6. Validity and Reliability: Explain how you ensured the validity (internal, external, construct) and reliability (test-retest, inter-rater, internal consistency) of your research instruments and procedures.
  7. Limitations: Acknowledge any limitations or constraints in your methodology, such as sample biases, data collection challenges, instrument limitations, or external factors that may have influenced the study outcomes.
  8. Timeline and Resources: Provide a timeline or schedule for each phase of the research, from data collection to analysis and reporting. Mention any resources, funding sources, or collaborations that supported your research.

Strategies for Writing an Extensive Methodology Section

  1. Thoroughness: Be comprehensive and detailed in explaining each aspect of your methodology, leaving no room for ambiguity or misinterpretation.
  2. Justification: Justify your methodological choices by citing relevant literature, theoretical frameworks, or empirical evidence that supports your approach.
  3. Clarity and Structure: Organize your methodology section into subsections or headings (e.g., Research Design, Sampling, Data Collection, Data Analysis) for clarity and ease of reading.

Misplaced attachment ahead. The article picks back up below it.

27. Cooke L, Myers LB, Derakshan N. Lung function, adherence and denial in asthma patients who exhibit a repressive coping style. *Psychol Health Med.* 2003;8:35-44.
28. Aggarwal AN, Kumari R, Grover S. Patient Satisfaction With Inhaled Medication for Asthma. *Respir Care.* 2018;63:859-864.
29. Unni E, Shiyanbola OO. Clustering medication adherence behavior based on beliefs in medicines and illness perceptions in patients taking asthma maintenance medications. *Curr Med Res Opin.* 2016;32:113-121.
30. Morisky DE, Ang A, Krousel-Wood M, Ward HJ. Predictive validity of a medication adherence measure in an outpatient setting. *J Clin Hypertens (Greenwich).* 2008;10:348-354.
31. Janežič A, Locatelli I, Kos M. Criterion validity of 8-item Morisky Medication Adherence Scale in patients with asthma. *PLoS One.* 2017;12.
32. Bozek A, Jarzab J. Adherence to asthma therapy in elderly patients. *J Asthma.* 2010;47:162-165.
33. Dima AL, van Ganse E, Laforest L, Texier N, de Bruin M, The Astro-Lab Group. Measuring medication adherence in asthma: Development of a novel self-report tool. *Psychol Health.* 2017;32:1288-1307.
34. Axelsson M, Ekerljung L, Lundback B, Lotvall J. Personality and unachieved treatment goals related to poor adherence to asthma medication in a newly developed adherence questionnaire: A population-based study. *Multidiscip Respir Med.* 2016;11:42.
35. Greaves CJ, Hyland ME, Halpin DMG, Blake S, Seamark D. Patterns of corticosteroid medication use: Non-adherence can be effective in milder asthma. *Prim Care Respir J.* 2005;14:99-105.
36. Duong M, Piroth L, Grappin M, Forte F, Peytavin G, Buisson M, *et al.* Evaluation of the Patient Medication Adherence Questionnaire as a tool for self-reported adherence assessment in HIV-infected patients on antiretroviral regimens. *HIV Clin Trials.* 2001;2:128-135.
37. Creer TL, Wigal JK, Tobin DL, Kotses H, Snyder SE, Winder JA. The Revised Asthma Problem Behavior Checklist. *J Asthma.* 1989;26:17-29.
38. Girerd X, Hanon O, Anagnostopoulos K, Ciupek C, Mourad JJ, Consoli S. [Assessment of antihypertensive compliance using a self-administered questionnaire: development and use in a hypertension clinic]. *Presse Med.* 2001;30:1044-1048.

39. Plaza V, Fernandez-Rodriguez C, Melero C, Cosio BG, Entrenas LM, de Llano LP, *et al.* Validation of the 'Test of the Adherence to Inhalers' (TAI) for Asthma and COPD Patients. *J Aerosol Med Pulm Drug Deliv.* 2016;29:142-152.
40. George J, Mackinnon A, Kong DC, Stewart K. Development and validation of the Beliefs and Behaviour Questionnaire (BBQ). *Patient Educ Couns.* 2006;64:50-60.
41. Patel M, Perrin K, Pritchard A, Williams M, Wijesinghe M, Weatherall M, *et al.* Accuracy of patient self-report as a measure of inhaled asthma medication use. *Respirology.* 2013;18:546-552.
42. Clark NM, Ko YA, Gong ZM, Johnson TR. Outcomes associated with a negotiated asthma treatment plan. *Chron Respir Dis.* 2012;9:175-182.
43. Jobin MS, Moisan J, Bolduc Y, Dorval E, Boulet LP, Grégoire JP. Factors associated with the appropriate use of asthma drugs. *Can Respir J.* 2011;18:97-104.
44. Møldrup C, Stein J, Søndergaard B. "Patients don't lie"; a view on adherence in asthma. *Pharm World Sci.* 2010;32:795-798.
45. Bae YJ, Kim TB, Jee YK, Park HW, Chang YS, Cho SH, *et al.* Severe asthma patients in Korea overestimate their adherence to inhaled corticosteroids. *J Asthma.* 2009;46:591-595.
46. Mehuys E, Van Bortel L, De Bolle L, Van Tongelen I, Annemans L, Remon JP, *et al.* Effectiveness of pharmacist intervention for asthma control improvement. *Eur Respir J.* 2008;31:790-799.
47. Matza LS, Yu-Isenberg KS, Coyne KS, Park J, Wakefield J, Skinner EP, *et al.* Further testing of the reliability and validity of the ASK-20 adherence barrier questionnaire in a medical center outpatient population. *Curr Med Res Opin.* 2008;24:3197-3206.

4. Transparency: Clearly disclose any potential biases, assumptions, or limitations in your methodology, demonstrating transparency and intellectual honesty.
  5. Visual Aids: Consider using visual aids such as flowcharts, diagrams, or tables to illustrate complex processes, data flow, or analytical procedures.
  6. Peer Review: Seek feedback from colleagues, mentors, or peer reviewers to ensure the rigor, coherence, and logical flow of your methodology section.

Advanced Tips for Methodology Writing

  1. Methodological Rigor: Emphasize the rigor of your methodology by discussing strategies for data validation, triangulation, member checking (in qualitative research), or inter-rater reliability checks.
  2. Innovative Approaches: If you employed innovative or unconventional methods, explain why these approaches were necessary and how they contribute to the advancement of knowledge in your field.
  3. Comparative Analysis: If you considered multiple methodologies or data collection techniques, compare and contrast these options, highlighting the strengths and limitations of each.
  4. Longitudinal Perspective: For longitudinal or multi-phase studies, describe the sequential steps, data collection waves, and analytical frameworks used across different time points.
  5. Integration with Theory: Demonstrate how your methodology aligns with theoretical frameworks, conceptual models, or existing research paradigms, showcasing the theoretical underpinnings of your study.


Writing an extensive research methodology requires meticulous attention to detail, critical thinking, and a deep understanding of research principles. By incorporating the elements, strategies, and tips outlined in this guide, you can create a robust and well-structured methodology section that strengthens the validity, reliability, and credibility of your research study.




Effective from 1st April 2024